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Oil and Corn Tout Dueling Studies on Future of U.S. Biofuel Program

These translations are done via Google Translate

March 8, 2018, by Ayenat Mersie

NEW YORK (Reuters) – Big oil and big corn are touting opposing studies released this week on proposed biofuels policy reforms under consideration by the Trump administration, part of an ongoing clash between the two sides over the future of the program.

Valero Energy Corp (VLO.N), a major oil refiner, funded a study by Charles River Associates that supports placing a cap on the price of biofuel blending credits under the U.S. Renewable Fuel Standard (RFS) – a change meant to help refiners that complain the RFS now costs them a fortune.

A rival report from Iowa State University, also released this week, said such a cap on credits would backfire by eroding U.S. demand for corn-based ethanol and potentially lowering corn prices, already under pressure from a supply glut. The corn industry did not directly fund the Iowa State study, but does provide funding to the university.

The studies are meant to inform the administration’s deliberations on how, and if, to reform the RFS – which has become a major point of tension between two of President Donald Trump’s most important constituencies.

The RFS requires oil refiners to blend increasing amounts of biofuels, mainly corn-based ethanol, into the fuel supply each year, or buy the renewable fuel credits, called RINs, from other companies that do the blending.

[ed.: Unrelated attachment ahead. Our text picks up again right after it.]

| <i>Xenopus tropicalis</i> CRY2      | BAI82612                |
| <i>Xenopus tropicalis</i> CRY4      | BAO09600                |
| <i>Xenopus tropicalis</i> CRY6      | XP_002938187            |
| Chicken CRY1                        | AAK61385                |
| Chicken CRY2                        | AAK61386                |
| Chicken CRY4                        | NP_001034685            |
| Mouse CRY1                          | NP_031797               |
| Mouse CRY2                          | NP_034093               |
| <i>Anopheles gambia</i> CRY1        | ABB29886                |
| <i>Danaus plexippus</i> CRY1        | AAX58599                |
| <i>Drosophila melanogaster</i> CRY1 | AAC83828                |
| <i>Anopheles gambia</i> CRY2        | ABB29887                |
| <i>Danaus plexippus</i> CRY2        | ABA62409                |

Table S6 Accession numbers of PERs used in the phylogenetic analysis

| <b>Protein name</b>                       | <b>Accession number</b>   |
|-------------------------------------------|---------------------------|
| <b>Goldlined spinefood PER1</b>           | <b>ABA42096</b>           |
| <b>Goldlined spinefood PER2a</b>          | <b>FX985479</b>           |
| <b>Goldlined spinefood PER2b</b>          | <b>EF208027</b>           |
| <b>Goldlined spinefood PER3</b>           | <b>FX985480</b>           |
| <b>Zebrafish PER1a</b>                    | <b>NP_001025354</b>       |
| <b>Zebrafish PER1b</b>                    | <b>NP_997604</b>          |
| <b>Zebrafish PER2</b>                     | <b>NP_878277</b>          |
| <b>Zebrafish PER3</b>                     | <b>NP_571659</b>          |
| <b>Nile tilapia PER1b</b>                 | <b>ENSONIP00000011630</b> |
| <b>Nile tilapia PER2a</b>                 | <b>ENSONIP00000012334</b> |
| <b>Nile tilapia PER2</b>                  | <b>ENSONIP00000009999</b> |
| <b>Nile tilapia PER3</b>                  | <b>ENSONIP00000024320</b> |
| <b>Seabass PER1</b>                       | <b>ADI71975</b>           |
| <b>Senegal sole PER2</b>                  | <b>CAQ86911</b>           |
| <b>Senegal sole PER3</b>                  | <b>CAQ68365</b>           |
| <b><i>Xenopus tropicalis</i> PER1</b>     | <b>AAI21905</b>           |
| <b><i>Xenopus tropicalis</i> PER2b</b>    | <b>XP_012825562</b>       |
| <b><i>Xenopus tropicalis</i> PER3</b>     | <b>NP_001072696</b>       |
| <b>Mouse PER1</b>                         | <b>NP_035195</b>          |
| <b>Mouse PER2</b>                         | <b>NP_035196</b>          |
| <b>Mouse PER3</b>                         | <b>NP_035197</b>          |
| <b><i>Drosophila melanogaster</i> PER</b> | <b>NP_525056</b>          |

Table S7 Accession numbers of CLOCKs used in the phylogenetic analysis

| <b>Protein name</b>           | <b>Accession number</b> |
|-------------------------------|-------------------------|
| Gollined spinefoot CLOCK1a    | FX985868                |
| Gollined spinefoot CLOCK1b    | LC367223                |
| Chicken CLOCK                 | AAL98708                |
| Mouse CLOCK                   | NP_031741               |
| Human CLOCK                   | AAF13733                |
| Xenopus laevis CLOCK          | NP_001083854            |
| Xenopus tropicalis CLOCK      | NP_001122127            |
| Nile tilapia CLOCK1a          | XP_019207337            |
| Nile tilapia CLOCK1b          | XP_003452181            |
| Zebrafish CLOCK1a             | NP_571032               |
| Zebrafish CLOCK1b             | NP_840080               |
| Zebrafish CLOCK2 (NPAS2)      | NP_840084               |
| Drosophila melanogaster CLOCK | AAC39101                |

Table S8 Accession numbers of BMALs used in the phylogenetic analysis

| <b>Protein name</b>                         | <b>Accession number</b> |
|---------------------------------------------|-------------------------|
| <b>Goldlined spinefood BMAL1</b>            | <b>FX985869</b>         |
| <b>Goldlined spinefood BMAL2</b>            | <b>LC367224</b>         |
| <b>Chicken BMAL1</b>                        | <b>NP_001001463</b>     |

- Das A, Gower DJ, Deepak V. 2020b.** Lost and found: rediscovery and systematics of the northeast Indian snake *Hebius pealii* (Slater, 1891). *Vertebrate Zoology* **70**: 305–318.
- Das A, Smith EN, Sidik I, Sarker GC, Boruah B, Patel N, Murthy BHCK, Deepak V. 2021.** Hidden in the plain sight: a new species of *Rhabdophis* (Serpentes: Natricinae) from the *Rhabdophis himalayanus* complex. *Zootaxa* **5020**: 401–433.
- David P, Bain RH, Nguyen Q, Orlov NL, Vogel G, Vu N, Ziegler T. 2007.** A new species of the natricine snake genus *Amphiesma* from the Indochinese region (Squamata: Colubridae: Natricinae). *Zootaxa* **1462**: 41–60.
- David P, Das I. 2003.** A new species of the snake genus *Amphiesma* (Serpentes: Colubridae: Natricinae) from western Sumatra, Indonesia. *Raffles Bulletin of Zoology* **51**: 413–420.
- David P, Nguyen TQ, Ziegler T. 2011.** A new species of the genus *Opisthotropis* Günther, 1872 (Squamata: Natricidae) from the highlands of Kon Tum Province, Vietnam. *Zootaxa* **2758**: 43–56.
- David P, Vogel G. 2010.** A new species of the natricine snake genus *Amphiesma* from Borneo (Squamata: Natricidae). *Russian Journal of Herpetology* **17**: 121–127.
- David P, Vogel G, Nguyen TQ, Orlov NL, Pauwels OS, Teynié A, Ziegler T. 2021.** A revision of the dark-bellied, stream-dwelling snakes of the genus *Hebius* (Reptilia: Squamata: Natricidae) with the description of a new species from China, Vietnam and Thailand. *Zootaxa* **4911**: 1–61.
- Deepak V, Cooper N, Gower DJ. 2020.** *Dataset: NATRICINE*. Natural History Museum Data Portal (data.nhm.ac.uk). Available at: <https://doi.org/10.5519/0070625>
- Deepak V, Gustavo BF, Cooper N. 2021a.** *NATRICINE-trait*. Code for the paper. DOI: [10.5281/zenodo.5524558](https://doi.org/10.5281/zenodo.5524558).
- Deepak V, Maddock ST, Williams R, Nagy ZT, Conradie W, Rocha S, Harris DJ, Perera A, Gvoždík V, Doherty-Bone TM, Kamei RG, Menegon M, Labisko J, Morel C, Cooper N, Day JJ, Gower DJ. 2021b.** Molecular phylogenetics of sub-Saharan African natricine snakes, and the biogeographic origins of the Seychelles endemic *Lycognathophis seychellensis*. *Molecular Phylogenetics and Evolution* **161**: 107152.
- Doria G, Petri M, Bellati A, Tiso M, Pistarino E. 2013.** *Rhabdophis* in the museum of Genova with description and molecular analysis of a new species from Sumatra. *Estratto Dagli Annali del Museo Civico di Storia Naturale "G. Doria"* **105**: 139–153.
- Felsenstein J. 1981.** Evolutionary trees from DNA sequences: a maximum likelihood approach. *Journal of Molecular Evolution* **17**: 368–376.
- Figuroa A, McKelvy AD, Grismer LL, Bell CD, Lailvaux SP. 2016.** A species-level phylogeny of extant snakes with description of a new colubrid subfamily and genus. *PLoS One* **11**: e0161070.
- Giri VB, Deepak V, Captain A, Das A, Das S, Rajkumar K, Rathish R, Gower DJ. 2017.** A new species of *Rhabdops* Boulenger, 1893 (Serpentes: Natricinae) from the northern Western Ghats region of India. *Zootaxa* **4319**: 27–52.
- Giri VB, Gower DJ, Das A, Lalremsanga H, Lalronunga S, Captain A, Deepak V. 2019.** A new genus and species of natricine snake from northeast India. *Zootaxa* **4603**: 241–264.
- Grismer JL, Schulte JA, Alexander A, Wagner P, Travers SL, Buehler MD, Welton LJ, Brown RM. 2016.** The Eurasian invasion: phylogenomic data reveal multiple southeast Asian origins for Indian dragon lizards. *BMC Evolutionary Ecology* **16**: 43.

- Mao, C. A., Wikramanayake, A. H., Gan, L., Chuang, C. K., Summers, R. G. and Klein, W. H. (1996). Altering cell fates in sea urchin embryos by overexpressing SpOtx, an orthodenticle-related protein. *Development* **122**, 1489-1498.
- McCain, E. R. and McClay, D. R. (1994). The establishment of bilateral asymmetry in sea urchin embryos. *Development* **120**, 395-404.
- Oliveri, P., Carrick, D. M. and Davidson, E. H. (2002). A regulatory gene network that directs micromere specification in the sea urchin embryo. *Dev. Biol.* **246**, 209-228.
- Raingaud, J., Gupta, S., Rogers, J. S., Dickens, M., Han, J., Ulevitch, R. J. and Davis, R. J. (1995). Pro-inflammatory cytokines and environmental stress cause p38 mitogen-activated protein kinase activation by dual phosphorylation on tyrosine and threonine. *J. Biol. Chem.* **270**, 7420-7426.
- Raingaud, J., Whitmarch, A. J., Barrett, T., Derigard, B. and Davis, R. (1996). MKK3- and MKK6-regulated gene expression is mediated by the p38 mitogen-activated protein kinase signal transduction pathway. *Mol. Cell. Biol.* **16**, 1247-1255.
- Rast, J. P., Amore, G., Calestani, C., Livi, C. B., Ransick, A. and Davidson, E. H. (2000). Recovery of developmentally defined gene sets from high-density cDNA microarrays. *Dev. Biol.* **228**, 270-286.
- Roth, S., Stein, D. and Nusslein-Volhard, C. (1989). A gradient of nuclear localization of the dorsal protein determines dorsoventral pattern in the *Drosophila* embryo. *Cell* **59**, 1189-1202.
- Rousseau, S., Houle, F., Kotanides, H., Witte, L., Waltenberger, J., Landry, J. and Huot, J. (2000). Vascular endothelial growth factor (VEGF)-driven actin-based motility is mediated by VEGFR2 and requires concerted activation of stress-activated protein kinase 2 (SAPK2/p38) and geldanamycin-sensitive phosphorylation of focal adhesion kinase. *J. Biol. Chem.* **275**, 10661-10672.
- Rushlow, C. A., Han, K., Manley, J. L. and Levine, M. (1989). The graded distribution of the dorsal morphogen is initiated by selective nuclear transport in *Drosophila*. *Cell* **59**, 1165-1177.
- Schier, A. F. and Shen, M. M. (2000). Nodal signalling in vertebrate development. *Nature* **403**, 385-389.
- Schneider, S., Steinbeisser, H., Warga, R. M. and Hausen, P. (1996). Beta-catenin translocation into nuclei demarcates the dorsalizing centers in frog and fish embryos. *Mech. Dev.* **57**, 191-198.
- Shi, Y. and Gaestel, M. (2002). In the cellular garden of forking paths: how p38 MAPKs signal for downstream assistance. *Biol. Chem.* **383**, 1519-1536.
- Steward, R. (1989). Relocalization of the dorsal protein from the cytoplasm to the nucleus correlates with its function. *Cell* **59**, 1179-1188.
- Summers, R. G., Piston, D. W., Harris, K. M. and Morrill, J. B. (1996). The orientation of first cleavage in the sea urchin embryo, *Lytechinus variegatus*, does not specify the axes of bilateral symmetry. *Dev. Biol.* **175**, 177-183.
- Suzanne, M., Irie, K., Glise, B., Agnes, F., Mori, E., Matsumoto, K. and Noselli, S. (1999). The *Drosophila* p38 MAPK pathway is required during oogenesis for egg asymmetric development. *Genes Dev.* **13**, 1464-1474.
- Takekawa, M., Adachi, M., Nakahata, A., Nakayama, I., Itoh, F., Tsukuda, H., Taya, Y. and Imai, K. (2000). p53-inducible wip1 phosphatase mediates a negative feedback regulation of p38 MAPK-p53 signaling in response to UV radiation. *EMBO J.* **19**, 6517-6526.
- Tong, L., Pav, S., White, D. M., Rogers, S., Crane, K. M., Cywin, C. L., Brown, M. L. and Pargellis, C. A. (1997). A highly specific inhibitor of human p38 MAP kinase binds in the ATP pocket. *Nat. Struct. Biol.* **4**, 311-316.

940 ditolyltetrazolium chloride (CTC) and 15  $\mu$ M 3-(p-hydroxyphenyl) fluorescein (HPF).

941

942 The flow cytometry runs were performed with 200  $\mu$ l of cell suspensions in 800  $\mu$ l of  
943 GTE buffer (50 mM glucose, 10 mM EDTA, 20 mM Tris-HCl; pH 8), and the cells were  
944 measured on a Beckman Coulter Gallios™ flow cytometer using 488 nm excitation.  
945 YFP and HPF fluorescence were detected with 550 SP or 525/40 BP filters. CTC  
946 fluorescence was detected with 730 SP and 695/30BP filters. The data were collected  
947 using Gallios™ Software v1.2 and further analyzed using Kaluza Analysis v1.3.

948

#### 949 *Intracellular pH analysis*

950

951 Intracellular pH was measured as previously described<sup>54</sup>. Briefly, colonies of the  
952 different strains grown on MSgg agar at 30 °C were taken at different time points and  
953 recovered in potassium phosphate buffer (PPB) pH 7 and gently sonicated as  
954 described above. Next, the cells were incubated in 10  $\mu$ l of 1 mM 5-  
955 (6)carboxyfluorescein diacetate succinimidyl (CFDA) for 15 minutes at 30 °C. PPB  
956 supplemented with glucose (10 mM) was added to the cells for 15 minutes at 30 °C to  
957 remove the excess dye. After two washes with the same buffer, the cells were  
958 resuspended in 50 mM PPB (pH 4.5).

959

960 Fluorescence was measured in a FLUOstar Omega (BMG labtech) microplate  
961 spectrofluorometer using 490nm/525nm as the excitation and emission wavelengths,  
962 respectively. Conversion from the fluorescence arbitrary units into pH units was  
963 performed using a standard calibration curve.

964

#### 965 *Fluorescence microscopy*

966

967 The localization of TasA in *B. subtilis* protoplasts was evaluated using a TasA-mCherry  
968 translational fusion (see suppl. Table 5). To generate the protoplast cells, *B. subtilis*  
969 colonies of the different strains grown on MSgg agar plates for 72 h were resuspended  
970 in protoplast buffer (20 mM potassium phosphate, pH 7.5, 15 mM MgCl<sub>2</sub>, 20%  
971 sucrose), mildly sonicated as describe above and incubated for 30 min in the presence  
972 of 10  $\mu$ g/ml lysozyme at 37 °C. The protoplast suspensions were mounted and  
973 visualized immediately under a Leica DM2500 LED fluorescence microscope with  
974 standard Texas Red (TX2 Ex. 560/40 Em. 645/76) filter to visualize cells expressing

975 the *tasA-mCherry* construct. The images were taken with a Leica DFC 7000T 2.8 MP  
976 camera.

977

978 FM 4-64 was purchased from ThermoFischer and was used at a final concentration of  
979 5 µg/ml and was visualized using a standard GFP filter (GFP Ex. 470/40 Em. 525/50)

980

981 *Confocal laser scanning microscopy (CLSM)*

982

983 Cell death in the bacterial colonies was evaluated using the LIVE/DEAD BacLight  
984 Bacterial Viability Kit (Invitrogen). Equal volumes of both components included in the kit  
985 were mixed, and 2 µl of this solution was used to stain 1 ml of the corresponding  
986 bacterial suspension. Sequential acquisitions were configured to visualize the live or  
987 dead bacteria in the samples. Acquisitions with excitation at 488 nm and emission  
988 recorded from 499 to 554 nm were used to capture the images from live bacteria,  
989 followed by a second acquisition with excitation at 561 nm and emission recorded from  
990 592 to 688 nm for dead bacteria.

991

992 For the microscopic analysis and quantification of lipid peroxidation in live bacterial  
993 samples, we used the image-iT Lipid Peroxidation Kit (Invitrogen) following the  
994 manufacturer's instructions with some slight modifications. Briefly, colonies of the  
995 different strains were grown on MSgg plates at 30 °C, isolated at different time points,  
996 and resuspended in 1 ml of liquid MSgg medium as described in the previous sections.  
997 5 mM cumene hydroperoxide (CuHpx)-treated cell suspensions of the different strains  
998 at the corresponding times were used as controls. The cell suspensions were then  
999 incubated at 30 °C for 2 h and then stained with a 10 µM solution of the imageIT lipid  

The regulation was introduced during the administration of President George W. Bush to help farmers, cut petroleum imports, and improve air quality. But a surge in the price of RINs in recent years has upset merchant refiners who say the policy now costs them hundreds of millions of dollars a year.

Trump waded deeply into the debate last week, urging representatives of both sides to accept a compromise deal that caps prices for the credits while also removing seasonal limits on high-ethanol blend gasolines to expand the biofuels market.

A cap would control costs for small refiners and help them stay afloat, said Brendan Williams, vice president of government relations for refining company PBF Energy (PBF.N).

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The biofuels industry likes the idea of expanding high-ethanol blend gasoline sales, but has pushed back on the idea of a cap. “The RFS is a well-designed program,” said Brooke Coleman, head of the Advanced Biofuels Business Council. “Part of the whole mechanism working is that the price of RINs may go up, and so you should go long on biofuels.”

“It’s a strategy to kill the RFS and to kill the economic incentive to blend,” said Coleman, referring to a 10-cent cap.

Trump has not pushed a particular price level for the proposed RIN price cap, but Republican Senator Ted Cruz of Texas – an advocate for the refining industry – has called for a limit of 10 cents per RIN, a fraction of their current value.

The Iowa State study said such a cap would translate to 4.6 percent less ethanol blending in 2018. And without an increase in exports, that would mean a drop in corn prices, too.

The Valero-funded study, on the other hand, said a price cap “could alleviate several of the most pressing issues with the RFS” while also continuing to incentivize investment in ethanol blending.

In January, refiner Philadelphia Energy Solutions blamed its bankruptcy on RINs. Bad deals and large investor payouts also played key roles in its collapse, Reuters reported.

On Wednesday, 150 biofuel manufacturers sent an open letter to Trump urging him to protect the program. The letter came as a delegation of refinery workers held meetings with lawmakers urging changes to the RFS.

Reporting by Ayenat Mersie; Editing by Tom Brown

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